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Asia’s Brutal Treatment of Domestic Workers

By: Janice Tjeng

Edited by: Juliana Zhu, Esq.

Image: Susi, a 30 year-old Indonesian domestic worker.

Susi experienced domestic abuse for a year under the hands of a Hong Kong employer, Law Wan-Tung. She had to work 20 hours per day and Law frequently slapped her to force her to sign a paper indicating that her wages had been paid when in fact, they weren’t. She was also prohibited from contacting her family members and Law even threatened to kill them if she ever talked back or left. Eventually, Susi managed to escape after her family in Indonesia demanded to know about her situation. Susi’s story is merely an example of the extreme physical and mental abuse foreign domestic workers face in Asia and the Middle East.

Another domestic worker, Erwiana Sulistyaningsih, also ended up in the hospital after suffering more than seven months of abuse at the hands of Law. Susi and Erwiana eventually testified against Law, who was found guilty of 18 charges including grievous bodily harm, false imprisonment, and criminal intimidation. Law was jailed for 6 years.

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Sumasri, an Indonesian grandmother, suffered painful scars on her back and legs as her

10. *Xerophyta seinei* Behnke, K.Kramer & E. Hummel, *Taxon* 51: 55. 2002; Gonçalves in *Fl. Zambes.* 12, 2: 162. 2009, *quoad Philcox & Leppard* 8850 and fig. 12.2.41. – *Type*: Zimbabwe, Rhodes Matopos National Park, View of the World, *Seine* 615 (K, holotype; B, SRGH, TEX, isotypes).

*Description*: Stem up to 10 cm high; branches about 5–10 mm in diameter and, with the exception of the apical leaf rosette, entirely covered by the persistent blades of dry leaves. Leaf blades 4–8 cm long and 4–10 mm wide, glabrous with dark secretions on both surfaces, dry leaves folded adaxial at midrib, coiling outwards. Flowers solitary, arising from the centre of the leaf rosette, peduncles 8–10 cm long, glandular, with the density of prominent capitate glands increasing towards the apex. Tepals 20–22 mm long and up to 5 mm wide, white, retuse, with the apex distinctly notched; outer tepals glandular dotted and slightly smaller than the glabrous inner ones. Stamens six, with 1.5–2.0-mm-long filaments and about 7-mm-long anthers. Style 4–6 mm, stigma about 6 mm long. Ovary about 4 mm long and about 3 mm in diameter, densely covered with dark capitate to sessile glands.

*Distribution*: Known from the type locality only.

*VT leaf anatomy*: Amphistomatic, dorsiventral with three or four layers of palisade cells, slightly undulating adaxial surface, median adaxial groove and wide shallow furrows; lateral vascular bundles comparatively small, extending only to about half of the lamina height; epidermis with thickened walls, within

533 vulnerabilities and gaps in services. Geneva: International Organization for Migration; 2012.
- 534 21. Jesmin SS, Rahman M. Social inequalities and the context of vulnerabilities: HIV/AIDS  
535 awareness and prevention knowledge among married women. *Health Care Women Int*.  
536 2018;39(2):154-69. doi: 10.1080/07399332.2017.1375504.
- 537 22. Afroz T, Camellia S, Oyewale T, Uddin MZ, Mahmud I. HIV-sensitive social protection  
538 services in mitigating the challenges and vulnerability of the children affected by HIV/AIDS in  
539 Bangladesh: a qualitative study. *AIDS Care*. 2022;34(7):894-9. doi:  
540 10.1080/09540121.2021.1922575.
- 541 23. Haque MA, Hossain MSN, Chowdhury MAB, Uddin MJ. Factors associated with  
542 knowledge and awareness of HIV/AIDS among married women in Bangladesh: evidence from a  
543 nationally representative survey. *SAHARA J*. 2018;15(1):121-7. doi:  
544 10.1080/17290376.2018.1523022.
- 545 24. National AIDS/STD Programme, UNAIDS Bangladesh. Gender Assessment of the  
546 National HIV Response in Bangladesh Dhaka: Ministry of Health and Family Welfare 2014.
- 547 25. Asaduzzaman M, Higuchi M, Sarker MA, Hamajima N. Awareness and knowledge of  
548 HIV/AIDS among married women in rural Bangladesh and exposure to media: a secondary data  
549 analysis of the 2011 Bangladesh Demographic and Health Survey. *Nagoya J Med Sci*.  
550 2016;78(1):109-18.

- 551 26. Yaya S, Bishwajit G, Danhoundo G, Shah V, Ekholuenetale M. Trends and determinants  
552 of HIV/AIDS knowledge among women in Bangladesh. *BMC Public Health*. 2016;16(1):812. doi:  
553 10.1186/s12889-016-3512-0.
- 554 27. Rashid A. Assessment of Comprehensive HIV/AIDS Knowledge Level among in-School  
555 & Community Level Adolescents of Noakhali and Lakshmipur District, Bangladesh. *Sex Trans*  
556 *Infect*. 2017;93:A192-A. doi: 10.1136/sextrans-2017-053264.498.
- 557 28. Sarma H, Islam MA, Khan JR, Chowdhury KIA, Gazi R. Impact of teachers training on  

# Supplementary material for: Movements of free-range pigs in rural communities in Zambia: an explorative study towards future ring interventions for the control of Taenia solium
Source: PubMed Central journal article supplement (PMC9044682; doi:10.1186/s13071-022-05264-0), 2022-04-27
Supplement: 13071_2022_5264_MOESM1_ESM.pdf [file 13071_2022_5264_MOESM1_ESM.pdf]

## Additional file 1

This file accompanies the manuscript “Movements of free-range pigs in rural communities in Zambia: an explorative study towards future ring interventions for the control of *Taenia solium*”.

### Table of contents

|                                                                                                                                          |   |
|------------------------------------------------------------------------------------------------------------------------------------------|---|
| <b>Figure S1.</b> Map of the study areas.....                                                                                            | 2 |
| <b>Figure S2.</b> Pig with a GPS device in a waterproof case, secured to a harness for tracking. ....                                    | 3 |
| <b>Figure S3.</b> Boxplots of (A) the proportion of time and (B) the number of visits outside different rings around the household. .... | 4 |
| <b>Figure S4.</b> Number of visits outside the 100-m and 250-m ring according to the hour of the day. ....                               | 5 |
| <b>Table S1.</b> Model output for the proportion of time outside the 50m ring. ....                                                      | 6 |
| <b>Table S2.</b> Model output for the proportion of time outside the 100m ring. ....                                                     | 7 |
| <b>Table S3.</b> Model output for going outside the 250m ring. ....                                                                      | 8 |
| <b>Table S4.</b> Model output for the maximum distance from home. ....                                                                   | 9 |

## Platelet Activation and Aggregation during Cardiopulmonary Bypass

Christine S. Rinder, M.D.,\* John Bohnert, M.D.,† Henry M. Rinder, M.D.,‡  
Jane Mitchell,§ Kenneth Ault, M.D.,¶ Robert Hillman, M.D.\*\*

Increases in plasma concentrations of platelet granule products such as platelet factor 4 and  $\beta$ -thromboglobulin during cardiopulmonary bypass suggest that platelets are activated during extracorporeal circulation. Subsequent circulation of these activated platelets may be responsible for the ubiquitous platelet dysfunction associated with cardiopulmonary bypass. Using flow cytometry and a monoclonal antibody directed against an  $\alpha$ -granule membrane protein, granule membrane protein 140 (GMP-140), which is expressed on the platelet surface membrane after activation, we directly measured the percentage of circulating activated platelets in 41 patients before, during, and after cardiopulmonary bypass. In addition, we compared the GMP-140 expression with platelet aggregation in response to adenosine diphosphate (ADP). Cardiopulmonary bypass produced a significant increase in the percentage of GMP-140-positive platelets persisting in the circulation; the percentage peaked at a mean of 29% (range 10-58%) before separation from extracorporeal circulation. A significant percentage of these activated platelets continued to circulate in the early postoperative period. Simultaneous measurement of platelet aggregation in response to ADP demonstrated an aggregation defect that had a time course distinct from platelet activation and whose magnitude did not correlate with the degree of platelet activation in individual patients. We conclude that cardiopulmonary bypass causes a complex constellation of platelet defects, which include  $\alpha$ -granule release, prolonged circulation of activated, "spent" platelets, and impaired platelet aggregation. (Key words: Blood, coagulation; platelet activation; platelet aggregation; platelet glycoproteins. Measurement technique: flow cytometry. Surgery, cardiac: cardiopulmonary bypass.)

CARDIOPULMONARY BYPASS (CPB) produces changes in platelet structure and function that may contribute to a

employer in Malaysia doused her with hot water. Another victim, Sritak, is covered in dozens of scars as her employer in Taiwan beat her with an iron pipe and pressed a searing hot fork into her skin. Pictures and videos of the abuse can be found here.

This project was organized by the United Nations agency, the International Labor Organization (ILO). The ILO estimates that there are more than 52 million domestic workers worldwide. But in Asia, many of them have no legal protection. Elizabeth Tang, General Secretary of the International Domestic Workers Federation, said that in certain places, domestic workers earn as little as $9 per month. Some don’t even earn any salaries at all and they are treated like slaves. Tang advocates for governments to change the law so that domestic workers are treated equally as any other type of workers.

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Janice Tjeng is a fourth year Biology major at the University of San Francisco. She is a Social Media Assistant at Cancer InCytes Magazine. She looks forward to applying to medical school where she can learn the skills to provide healthcare for disadvantaged people.



Wright, Bex “Threatened, Assaulted, Trapped. Asia’s Treatment of Domestic Workers Laid Bare.” The CNN Freedom Project, July 27 2015. Date accessed, August 5 2015.

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